Have you ever felt uncomfortable in the presence of someone else? No doubt we have all felt that way a few times in our lives. The sensation is particularly unpleasant when you realize that you have walked into the middle of a marital battle.
Once, my wife visited some friends, a husband and wife. This being in the U.S., she had telephoned ahead of time (Americans do not like spontaneous drop-ins – so unlike people in Italy), so her visit was expected.
My wife arrived at her friends’ home and she duly greeted them. Immediately, she felt something was off. Her hosts did not speak with each other.
As my wife sat on their sofa, she felt the room grow cold, so cold she shivered. She realized that the couple had been fighting and that they had not yet arrived at a resolution, or even a truce. My wife was so uneasy, she thought about making up an excuse and escaping that ice palace. Instead, the husband left on the pretext of an errand. The room temperature returned to normal!
Some years ago when I still lived in Italy, my cousin persuaded me to visit him at Lake Como. My cousin was (he is now deceased) one of seven or eight of us in the family with the same first and last names, which is a source of several inside family jokes. This cousin at Lake Como was in law enforcement, married, and about seven years older than me.
Not wanting to show up empty-handed, I went to a popular pastry shop in my area and bought a big, beautifully gift-wrapped box of assorted goodies. It didn’t take long to find out how hard it was to carry that box, along with my small suitcase, on the train from Naples to Rome and then change to a train going north to Milan. This was way before today’s express train service.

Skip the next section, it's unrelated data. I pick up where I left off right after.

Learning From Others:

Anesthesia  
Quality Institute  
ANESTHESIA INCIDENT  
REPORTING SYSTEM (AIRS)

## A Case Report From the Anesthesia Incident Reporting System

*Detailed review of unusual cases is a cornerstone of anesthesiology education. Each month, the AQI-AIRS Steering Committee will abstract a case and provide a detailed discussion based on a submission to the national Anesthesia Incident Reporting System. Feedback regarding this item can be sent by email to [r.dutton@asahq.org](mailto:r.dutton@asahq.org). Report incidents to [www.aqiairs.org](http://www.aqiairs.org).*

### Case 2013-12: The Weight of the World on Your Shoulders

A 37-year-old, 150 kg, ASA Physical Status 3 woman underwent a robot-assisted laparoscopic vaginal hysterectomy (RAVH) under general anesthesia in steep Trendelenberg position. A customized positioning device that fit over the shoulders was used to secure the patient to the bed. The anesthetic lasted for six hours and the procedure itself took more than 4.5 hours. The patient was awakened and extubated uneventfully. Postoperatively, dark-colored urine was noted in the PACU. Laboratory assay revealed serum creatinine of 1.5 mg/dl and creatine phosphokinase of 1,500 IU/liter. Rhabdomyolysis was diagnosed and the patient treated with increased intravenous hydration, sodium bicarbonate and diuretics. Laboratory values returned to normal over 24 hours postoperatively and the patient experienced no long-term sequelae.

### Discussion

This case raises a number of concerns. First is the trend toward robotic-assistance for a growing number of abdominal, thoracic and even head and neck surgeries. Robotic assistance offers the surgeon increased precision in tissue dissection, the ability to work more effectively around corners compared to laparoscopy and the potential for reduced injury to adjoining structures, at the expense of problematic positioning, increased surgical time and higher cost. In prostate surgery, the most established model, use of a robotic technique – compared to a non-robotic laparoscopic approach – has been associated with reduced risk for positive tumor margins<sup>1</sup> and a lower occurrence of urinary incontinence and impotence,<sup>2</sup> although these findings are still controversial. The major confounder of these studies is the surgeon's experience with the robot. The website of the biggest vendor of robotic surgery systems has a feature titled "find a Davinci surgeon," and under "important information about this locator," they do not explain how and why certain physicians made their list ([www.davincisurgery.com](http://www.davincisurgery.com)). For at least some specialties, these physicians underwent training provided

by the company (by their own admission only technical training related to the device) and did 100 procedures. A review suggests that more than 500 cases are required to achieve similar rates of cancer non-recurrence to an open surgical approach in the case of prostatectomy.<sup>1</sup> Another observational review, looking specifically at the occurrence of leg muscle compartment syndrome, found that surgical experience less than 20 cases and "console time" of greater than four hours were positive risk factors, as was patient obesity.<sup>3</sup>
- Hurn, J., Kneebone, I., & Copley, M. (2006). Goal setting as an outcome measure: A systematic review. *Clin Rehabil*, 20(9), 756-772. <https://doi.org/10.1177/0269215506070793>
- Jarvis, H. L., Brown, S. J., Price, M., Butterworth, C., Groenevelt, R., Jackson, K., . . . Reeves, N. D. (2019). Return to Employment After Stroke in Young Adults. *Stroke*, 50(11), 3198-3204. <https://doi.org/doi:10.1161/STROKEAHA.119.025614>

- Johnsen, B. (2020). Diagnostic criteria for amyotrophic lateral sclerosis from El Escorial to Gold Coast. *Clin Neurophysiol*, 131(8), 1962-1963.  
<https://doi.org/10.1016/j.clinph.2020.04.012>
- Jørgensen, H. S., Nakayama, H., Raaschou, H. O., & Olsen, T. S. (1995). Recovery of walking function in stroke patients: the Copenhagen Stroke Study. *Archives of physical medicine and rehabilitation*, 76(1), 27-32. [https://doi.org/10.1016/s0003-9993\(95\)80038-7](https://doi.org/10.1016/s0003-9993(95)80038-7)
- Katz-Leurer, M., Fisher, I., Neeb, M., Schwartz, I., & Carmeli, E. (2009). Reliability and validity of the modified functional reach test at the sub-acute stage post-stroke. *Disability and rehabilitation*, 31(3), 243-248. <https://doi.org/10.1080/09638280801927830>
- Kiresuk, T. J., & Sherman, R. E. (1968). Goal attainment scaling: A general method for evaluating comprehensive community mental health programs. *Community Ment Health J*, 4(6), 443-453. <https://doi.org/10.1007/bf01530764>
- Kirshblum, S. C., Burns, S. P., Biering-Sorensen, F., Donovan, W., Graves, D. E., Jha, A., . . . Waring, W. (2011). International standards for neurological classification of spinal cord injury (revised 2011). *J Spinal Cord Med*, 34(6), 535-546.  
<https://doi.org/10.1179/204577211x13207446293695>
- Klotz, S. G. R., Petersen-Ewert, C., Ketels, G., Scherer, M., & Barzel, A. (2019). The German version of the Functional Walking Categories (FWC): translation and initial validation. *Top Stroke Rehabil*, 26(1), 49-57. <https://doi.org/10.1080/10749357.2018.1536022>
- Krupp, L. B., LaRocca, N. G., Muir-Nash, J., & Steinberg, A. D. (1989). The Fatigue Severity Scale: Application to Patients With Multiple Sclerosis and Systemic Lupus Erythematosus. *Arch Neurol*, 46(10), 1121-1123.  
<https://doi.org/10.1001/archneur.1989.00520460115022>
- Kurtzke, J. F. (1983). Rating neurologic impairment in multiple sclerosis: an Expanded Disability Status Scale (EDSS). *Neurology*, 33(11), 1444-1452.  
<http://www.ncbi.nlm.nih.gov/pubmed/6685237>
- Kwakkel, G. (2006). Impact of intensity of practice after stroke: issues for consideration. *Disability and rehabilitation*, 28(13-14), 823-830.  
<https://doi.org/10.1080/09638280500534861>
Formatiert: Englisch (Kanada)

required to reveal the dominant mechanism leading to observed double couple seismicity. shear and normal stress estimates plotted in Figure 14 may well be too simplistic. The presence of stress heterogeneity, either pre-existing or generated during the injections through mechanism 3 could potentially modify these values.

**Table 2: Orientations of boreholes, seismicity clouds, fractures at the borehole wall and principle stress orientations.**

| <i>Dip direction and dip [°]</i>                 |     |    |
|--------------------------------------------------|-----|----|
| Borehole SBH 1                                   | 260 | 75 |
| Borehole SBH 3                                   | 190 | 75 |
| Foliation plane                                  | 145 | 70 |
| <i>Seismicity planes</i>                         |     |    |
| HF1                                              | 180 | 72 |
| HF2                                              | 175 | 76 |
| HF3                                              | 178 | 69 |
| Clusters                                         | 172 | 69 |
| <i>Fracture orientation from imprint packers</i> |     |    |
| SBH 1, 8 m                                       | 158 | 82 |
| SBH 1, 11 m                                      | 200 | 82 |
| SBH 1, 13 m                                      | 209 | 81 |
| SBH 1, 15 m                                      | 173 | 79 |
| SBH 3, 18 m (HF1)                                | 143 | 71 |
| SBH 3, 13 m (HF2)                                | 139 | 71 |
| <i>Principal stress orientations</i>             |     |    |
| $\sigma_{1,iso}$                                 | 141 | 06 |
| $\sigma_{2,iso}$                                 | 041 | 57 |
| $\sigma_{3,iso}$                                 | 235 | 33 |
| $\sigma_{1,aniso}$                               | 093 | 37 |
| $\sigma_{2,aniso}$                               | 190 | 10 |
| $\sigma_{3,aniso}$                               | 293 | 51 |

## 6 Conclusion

Anyway, my cousin Anton picked me up in Milan and drove back to his home. Don’t think that his house was anything like George Clooney’s sprawling lakefront mansion. The backstreet homes provided for carabinieri were very modest and compact. Anton’s place had two bedrooms, one for him and his wife Sofia and the other for their three children. I guessed that I was supposed to sleep on the sofa; I wondered how much my back would hurt after three or four nights of that. But I should not have worried.
When we arrived at Anton’s house, he carried my suitcase while I carried the box of pastries. We entered the house and I saw Sofia’s face. Uh-oh, I thought.
It wasn’t that she directed her displeasure at me; it was more that the animosity she beamed at her husband cascaded down on me as well. Yes, this couple had been fighting, and I didn’t know if it was because of me or something else. Why in the world did I make this trip, I berated myself. I was still standing with that box in hand, so I put it down on the table in the cramped parlor/dining room.
It was supper time and I had not eaten anything since my morning coffee and slice of bread. Sofia announced that she was taking the kids to visit her mother. Anton did not say a word. After getting the kids in their coats and gloves, Sofia marched them out of the house, into the car, and away to who knows where.
My stomach growled, but my cousin did not seem to hear it. We chatted a while, as if nothing was wrong. Anton offered me an espresso and one of the pastries I had brought. I declined. After a couple of hours, Sofia returned with the children and put them to bed. The few words she said to me were pleasant, but I could hear her argue with Anton even through their closed bedroom door.
I went hungry that night and barely slept. When morning came, I made Anton drive me back to the train station in Milan.